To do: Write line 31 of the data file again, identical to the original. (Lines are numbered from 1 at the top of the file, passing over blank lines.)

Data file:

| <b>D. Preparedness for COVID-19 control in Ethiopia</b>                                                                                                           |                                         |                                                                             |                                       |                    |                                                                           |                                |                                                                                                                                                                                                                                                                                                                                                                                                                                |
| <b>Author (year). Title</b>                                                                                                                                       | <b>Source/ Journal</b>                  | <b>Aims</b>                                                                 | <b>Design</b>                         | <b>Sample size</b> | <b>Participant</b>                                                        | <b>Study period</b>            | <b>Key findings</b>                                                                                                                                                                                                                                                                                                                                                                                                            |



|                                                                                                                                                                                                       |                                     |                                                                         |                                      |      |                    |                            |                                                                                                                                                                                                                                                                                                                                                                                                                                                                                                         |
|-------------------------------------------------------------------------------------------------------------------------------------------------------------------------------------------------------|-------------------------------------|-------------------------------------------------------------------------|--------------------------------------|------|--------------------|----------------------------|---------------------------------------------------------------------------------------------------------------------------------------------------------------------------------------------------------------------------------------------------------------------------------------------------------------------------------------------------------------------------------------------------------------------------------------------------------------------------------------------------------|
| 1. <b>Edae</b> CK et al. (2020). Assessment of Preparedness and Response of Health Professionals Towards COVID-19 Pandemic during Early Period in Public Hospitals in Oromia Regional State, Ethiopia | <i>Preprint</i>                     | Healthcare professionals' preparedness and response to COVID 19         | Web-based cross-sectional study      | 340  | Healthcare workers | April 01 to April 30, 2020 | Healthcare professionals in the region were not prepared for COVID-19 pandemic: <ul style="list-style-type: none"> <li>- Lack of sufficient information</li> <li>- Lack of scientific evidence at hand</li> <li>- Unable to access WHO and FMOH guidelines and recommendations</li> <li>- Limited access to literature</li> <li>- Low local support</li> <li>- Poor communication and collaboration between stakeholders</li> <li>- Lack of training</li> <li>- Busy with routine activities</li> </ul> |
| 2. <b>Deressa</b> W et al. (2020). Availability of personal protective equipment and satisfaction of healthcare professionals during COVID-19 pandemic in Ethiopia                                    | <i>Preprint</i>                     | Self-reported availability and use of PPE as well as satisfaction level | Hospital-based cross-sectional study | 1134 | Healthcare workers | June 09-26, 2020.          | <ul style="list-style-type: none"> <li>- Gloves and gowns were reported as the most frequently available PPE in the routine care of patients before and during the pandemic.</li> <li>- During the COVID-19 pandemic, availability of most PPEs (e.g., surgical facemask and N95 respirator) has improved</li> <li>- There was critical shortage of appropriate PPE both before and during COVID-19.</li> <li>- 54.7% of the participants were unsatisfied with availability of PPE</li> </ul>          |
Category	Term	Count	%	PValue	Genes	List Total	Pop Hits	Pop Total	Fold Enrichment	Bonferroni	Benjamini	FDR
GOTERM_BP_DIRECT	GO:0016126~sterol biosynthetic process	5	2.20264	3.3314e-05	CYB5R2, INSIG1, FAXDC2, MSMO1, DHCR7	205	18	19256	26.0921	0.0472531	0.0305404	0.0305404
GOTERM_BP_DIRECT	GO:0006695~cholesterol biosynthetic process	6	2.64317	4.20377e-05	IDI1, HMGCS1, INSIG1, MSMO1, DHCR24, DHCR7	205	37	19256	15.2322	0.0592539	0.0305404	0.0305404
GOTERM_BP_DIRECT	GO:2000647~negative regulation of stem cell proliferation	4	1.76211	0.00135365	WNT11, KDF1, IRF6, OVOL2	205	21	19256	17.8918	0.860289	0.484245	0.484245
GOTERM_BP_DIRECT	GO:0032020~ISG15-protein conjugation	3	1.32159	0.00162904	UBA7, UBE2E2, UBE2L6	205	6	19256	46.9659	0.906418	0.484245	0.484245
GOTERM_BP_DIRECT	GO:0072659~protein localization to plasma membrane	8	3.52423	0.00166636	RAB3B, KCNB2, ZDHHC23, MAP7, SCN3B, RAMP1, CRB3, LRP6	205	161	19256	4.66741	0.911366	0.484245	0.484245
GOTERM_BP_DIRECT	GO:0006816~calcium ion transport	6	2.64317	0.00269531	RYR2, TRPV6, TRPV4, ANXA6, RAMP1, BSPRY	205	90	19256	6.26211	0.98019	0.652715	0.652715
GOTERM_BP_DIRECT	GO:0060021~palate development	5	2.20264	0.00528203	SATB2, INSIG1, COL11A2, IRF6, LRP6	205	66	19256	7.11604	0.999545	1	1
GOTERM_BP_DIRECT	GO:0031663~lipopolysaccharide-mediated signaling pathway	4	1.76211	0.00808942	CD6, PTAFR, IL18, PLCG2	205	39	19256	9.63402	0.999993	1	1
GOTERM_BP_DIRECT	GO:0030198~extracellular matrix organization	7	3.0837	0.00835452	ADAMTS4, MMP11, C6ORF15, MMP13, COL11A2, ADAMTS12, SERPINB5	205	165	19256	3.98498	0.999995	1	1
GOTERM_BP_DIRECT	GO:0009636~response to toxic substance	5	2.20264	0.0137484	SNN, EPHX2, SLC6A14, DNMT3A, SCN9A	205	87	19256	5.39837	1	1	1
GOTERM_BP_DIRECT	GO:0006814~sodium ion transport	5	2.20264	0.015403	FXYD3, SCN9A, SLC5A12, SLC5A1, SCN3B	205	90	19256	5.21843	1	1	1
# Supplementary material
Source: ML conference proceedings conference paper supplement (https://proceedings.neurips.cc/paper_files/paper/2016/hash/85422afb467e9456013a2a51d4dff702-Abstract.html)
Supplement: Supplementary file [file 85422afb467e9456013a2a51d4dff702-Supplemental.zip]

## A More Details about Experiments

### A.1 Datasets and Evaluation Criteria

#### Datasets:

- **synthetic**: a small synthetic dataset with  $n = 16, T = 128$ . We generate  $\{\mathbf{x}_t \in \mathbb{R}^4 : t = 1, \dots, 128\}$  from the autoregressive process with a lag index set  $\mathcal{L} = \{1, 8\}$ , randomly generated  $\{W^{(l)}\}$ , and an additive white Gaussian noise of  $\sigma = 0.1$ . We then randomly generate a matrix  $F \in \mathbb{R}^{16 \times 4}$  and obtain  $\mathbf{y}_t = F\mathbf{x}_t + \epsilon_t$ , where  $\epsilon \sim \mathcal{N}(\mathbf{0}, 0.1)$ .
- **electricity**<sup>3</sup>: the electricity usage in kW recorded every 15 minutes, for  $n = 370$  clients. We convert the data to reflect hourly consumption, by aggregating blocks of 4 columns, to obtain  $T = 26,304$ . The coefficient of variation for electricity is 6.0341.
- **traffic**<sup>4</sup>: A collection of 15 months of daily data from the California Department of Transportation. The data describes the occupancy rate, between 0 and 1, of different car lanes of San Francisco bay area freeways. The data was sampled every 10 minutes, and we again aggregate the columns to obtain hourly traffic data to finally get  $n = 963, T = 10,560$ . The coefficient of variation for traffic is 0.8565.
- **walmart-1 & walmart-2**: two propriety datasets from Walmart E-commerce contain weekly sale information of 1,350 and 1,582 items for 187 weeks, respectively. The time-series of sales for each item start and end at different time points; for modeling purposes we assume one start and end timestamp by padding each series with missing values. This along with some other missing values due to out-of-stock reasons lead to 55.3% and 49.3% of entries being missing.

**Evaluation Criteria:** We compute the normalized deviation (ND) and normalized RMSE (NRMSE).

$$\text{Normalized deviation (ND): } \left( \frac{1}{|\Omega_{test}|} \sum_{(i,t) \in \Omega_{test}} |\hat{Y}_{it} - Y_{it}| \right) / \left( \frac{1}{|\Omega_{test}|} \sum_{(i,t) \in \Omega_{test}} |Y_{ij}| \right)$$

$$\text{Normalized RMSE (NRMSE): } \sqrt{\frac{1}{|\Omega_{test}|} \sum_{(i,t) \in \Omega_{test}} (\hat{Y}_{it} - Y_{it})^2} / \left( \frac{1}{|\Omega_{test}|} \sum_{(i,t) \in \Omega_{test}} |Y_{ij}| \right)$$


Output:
$$\text{Normalized RMSE (NRMSE): } \sqrt{\frac{1}{|\Omega_{test}|} \sum_{(i,t) \in \Omega_{test}} (\hat{Y}_{it} - Y_{it})^2} / \left( \frac{1}{|\Omega_{test}|} \sum_{(i,t) \in \Omega_{test}} |Y_{ij}| \right)$$